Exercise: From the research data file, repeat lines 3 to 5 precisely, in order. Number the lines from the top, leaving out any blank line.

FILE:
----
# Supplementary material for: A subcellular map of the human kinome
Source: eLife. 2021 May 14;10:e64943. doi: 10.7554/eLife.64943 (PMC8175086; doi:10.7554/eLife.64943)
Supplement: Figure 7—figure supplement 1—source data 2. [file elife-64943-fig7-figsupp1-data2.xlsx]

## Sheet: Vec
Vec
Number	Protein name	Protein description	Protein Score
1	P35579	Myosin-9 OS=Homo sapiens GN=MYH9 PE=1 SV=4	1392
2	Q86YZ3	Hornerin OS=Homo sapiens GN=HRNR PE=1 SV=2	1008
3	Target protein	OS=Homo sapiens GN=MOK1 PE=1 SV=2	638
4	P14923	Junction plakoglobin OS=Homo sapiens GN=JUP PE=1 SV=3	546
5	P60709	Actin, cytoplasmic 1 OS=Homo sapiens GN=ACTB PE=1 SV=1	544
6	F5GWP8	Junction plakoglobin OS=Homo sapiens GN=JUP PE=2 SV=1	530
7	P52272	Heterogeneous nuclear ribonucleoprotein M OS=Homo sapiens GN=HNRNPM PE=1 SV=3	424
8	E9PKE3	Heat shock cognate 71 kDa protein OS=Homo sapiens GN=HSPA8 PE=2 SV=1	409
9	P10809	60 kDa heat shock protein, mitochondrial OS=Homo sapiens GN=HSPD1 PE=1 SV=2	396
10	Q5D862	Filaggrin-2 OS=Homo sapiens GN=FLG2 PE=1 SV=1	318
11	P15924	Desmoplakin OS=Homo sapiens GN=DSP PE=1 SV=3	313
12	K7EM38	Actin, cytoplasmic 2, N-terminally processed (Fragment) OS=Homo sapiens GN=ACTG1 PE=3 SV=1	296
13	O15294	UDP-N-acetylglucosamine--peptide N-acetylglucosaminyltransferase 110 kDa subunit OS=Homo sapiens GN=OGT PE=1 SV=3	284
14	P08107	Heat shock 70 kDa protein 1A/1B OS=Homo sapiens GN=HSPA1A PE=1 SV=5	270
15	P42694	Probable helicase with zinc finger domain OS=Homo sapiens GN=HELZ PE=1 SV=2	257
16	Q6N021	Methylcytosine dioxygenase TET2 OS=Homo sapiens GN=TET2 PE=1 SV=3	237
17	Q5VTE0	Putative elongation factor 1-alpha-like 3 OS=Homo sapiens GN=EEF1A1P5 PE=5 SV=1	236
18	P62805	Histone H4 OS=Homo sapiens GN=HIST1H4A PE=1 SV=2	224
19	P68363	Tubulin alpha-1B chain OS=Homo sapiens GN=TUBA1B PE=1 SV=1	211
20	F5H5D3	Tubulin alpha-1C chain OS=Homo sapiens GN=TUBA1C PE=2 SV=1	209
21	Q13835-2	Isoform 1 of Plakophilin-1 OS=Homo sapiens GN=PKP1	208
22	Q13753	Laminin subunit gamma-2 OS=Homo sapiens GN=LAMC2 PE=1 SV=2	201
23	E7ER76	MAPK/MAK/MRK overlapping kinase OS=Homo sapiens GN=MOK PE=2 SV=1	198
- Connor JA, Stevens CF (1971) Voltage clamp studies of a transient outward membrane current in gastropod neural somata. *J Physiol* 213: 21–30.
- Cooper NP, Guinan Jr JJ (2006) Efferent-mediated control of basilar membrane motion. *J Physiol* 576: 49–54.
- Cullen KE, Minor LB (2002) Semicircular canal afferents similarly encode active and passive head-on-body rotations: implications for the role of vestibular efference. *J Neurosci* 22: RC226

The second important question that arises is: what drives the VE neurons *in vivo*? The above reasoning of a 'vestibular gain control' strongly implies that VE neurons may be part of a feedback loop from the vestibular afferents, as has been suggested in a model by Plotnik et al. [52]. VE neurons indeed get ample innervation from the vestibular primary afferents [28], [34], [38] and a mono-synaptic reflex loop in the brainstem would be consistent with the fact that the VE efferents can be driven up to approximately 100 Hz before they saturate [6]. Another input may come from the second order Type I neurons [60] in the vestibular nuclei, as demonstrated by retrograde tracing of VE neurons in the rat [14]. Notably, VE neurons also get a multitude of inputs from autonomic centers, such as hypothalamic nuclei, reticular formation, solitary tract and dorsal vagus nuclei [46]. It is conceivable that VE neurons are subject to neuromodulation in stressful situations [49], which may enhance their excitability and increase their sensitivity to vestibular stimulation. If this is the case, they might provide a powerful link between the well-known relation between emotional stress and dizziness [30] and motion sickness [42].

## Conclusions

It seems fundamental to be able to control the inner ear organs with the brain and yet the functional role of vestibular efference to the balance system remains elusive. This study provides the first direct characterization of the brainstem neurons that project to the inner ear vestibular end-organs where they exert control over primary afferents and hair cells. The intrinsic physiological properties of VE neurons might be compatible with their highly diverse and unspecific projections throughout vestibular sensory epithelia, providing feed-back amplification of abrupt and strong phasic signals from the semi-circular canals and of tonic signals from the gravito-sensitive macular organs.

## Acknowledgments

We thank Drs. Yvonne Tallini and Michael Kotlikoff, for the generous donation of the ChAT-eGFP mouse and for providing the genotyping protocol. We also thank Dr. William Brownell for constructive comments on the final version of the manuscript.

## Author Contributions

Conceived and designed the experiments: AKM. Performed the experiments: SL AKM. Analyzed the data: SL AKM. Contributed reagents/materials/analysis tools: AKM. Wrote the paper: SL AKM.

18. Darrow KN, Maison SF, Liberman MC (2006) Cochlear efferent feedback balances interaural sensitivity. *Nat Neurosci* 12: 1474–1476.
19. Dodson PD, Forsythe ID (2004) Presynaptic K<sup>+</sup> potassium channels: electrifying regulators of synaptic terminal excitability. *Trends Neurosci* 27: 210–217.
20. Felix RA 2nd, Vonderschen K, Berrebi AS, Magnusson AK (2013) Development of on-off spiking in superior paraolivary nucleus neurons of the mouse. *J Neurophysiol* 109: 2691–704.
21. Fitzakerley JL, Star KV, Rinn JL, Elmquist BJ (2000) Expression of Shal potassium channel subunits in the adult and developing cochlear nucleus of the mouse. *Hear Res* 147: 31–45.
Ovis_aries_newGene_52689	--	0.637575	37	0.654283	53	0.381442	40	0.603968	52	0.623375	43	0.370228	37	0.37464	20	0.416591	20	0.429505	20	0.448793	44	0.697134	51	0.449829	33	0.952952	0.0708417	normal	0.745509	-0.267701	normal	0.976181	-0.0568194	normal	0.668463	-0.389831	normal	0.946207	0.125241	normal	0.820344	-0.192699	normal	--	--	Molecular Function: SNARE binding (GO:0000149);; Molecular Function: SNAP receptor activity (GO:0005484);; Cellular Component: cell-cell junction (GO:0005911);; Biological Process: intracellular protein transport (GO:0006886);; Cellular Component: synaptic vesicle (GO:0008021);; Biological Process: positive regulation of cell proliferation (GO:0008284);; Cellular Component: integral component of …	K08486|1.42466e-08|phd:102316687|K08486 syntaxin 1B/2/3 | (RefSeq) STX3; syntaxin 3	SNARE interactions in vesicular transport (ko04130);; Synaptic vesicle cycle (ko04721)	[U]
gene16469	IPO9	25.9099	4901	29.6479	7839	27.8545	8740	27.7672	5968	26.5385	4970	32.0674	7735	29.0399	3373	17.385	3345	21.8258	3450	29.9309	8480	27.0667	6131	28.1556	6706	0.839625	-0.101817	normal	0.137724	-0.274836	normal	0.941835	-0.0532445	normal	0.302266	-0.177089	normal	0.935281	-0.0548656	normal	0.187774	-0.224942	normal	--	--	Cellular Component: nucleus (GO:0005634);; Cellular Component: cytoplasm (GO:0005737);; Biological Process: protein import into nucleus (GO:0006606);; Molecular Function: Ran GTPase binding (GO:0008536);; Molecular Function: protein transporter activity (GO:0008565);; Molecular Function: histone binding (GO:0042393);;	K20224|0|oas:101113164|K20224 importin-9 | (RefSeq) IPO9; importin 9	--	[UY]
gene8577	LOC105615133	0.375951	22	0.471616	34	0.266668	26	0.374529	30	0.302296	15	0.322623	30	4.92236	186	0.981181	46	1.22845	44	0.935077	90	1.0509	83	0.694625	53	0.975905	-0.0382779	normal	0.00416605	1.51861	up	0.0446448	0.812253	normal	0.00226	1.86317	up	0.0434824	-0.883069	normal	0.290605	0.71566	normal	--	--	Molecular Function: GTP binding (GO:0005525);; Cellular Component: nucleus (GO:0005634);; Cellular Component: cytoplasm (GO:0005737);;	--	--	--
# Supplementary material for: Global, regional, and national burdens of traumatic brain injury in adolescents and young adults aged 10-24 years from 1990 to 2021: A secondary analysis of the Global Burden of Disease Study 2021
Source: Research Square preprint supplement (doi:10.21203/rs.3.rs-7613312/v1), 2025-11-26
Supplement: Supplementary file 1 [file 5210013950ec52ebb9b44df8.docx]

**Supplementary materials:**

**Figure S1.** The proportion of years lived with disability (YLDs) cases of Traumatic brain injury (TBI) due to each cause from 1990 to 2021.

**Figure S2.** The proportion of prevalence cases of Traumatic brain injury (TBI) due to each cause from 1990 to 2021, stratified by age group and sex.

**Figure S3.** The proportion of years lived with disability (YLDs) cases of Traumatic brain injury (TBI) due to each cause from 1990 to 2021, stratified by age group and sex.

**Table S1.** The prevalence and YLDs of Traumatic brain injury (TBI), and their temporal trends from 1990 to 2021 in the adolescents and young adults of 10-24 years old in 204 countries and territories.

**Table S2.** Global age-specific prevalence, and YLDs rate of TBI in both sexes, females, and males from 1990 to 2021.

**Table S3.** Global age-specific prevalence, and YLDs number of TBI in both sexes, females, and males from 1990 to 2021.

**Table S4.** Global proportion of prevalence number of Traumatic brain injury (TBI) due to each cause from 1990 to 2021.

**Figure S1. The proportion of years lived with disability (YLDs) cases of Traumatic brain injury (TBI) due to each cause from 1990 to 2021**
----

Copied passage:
Supplement: Figure 7—figure supplement 1—source data 2. [file elife-64943-fig7-figsupp1-data2.xlsx]

## Sheet: Vec
Vec